Aquinas teacher Stephanie Cloues, who launched the school’s “One Nation Under God” civics and history club at the start of the 2020-21 school year, addresses club members during a meeting. LEAVEN PHOTO BY KATHRYN WHITE

For Kluck, the club has been a refreshing outlet.

“The current political polarization has led to more misinformation and bias than ever,” he said.

“Plus, our generation is really the first to reach the age of reason with a phone in our hands,” he continued. “So, our social interactions and outside education have been dictated by the internet and social media.”

Kluck said that might seem normal to people his age because that’s all they’ve ever known, but it’s not.

“We need to have conversations and arguments in person instead of on our phones,” he said. “That’s how we have healthy disagreements and not hateful ones.

“Our generation needs to make that the norm, and I think environments where we know it’s safe to do so help make that happen.”

Abadir is grateful for the role he’s played in the club’s success during his final year at Aquinas.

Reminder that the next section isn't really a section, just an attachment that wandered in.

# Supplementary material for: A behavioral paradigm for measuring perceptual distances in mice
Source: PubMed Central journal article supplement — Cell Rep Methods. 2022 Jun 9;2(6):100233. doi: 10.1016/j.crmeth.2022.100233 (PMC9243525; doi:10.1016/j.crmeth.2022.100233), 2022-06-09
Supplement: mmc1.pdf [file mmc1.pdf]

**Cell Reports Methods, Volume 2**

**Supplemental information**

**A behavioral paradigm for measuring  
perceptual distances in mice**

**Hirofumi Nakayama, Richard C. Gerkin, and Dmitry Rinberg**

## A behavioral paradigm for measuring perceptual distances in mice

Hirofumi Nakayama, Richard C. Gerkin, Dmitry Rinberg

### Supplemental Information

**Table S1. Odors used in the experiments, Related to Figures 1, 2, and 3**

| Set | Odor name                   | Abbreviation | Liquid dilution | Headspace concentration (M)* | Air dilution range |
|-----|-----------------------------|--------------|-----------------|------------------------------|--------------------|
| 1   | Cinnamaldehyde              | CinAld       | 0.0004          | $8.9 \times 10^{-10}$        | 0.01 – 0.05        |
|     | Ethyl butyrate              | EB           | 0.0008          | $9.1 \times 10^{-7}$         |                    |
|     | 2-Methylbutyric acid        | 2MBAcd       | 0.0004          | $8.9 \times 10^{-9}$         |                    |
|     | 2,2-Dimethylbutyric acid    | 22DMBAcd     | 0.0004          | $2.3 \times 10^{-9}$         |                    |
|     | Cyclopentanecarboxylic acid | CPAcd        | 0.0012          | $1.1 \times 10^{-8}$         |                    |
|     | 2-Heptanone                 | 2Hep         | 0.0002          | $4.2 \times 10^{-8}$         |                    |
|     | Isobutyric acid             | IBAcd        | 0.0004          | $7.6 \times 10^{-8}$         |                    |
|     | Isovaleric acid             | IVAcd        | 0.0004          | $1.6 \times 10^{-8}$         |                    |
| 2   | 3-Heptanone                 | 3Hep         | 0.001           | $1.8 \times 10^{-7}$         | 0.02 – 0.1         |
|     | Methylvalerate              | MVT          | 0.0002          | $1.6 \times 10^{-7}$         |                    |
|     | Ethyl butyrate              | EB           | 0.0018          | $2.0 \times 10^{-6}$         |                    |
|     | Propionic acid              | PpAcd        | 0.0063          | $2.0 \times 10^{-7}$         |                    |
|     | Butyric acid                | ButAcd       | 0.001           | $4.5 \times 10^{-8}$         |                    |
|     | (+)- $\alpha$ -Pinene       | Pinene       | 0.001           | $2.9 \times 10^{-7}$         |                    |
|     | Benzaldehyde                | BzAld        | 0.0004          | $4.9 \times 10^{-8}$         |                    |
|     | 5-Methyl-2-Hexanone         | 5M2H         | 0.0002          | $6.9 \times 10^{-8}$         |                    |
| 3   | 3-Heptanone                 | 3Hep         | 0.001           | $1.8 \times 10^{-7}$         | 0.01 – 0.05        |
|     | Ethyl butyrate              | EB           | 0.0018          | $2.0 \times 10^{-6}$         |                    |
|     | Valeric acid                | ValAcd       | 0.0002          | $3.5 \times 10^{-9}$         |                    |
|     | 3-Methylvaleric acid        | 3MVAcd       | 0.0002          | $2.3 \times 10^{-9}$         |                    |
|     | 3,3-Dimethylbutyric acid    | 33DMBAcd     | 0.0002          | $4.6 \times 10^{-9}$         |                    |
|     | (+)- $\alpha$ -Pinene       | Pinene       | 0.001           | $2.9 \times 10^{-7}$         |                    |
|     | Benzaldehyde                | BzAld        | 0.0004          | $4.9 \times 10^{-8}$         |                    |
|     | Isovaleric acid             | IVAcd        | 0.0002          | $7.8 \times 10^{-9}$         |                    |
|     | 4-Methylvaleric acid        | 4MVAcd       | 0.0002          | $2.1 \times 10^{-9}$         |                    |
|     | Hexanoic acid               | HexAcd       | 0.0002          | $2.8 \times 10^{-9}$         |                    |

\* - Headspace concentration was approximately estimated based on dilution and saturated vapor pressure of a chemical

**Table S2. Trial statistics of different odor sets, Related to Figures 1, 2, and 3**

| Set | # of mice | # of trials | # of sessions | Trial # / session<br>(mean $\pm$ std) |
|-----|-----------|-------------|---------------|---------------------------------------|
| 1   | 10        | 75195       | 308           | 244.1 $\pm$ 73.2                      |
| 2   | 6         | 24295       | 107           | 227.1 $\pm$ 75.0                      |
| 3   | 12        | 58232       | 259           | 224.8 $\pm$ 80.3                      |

He hopes it will continue to flourish.

“This club is something that I hope lasts a long time after I’m gone,” he said. “Future classes can have the same spirit of civility that we have going.”

About the author

Moira Cullings

Moira attended St. Thomas Aquinas High School in Overland Park and Benedictine College in Atchison. She majored in marketing, minored in psychology and played center midfield for the women’s soccer team. Moira joined The Leaven staff as a feature writer and social media editor in 2015. After a move to Denver in 2018, Moira resumed her full-time position at The Leaven and continues to write and manage the website and social media channels. Her favorite assignment was traveling to the Holy Land to take photos for a group pilgrimage in 2019.